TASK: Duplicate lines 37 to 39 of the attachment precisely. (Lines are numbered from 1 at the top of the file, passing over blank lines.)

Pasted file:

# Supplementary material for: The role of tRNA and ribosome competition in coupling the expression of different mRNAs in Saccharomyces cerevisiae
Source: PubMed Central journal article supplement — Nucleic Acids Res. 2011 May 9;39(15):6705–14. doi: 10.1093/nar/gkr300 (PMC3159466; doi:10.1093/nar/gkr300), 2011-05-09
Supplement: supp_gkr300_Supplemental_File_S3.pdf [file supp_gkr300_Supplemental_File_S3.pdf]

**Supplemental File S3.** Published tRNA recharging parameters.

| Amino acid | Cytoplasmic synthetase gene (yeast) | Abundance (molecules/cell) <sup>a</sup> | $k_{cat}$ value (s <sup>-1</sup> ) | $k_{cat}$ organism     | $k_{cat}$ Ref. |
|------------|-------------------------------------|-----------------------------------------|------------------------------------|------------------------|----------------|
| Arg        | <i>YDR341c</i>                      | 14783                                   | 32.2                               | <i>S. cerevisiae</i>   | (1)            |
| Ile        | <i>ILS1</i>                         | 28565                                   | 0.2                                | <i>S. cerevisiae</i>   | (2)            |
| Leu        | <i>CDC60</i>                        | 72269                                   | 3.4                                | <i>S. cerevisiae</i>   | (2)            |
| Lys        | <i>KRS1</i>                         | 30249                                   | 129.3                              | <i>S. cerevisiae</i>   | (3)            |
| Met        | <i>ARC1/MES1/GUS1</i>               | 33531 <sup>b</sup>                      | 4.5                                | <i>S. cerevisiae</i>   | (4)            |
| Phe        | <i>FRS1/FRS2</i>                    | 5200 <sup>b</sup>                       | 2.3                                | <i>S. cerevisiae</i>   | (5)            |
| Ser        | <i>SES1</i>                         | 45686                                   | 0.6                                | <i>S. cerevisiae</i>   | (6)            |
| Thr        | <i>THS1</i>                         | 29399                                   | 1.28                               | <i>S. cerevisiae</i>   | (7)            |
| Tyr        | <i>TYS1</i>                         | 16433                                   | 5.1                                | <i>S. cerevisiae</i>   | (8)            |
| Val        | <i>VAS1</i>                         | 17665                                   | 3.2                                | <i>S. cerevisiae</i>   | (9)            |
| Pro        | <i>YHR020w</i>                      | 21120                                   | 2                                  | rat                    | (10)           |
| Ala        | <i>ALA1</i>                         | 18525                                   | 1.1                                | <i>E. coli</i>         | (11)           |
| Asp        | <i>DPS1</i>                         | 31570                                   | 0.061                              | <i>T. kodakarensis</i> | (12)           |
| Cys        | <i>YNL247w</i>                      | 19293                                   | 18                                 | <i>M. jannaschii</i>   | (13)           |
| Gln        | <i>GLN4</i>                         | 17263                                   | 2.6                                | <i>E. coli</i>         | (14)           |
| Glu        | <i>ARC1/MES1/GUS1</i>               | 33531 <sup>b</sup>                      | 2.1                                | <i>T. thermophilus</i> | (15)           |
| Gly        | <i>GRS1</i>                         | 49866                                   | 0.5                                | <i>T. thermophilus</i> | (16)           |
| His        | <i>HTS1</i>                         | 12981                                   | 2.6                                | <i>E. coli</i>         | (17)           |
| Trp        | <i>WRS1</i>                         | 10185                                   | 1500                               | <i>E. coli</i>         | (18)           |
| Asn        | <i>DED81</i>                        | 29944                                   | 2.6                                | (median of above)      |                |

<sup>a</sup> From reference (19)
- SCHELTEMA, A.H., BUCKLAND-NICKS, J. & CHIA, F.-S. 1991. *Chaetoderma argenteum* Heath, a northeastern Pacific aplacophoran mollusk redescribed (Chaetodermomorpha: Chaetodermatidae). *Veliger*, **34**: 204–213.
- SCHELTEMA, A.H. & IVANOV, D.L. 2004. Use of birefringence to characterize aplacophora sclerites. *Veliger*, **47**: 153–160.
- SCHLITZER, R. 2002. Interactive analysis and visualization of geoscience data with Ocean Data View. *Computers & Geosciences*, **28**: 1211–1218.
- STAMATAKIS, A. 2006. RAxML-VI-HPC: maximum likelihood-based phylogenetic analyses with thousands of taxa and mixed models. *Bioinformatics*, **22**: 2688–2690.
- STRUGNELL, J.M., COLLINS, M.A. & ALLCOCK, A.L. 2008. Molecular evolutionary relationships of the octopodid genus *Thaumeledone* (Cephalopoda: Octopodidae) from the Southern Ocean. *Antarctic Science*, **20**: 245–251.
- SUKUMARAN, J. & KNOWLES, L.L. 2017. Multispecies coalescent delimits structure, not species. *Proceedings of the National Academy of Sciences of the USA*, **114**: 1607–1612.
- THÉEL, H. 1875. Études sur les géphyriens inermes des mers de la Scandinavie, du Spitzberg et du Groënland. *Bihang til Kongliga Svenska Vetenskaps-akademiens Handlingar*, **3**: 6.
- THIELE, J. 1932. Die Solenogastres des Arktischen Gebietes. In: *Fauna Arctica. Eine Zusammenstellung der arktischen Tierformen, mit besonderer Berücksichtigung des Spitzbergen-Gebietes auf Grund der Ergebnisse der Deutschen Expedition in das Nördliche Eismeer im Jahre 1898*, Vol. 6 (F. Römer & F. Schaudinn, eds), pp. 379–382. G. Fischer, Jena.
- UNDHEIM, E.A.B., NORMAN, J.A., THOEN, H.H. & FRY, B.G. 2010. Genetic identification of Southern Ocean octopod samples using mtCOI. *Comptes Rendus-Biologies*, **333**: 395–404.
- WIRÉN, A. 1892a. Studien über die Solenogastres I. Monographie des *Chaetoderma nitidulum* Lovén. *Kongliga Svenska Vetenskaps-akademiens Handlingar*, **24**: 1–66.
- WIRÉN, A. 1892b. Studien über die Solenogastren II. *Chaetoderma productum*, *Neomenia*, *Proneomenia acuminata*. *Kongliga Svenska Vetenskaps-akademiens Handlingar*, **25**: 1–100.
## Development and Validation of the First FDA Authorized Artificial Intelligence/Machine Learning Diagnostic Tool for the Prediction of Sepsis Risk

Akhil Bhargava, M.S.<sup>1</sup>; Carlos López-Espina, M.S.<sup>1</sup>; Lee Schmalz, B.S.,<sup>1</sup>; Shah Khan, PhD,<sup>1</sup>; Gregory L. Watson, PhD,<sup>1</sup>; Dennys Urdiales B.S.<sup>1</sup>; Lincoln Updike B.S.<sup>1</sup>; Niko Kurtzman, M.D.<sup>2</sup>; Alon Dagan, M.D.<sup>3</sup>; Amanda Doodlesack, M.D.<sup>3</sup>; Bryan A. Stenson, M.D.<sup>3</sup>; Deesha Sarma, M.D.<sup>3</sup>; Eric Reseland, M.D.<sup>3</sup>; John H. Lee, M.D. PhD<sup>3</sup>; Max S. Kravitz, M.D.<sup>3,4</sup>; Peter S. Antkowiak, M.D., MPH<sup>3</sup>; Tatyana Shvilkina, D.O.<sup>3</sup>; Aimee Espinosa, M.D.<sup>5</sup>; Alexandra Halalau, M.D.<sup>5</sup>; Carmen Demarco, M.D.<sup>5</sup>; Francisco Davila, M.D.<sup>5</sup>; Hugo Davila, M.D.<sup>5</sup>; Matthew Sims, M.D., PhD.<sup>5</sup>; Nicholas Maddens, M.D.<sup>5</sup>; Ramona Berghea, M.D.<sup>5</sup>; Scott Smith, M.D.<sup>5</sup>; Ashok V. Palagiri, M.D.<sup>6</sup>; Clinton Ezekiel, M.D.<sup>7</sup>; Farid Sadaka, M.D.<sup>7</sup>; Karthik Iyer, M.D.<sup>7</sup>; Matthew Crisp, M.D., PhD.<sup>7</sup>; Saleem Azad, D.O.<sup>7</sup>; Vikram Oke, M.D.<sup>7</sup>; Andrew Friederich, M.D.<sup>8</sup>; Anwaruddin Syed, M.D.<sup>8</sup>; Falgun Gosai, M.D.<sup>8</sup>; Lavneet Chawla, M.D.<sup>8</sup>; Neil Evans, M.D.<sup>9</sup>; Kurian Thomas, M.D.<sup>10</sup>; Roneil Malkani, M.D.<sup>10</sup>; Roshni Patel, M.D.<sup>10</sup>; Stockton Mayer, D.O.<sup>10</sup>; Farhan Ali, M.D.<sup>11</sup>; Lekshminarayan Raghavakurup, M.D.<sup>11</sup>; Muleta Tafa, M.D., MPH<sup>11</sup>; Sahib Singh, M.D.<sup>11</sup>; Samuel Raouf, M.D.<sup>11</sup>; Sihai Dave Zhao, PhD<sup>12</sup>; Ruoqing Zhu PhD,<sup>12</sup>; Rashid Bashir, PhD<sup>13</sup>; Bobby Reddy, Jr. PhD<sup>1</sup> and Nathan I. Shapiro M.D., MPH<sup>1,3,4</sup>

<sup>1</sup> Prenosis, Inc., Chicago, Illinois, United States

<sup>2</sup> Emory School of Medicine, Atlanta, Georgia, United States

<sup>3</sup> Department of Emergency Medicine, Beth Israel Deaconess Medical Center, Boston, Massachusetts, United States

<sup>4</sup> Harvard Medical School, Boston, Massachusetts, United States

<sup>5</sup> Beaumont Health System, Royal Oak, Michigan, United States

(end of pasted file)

- WIRÉN, A. 1892a. Studien über die Solenogastres I. Monographie des *Chaetoderma nitidulum* Lovén. *Kongliga Svenska Vetenskaps-akademiens Handlingar*, **24**: 1–66.
- WIRÉN, A. 1892b. Studien über die Solenogastren II. *Chaetoderma productum*, *Neomenia*, *Proneomenia acuminata*. *Kongliga Svenska Vetenskaps-akademiens Handlingar*, **25**: 1–100.
## Development and Validation of the First FDA Authorized Artificial Intelligence/Machine Learning Diagnostic Tool for the Prediction of Sepsis Risk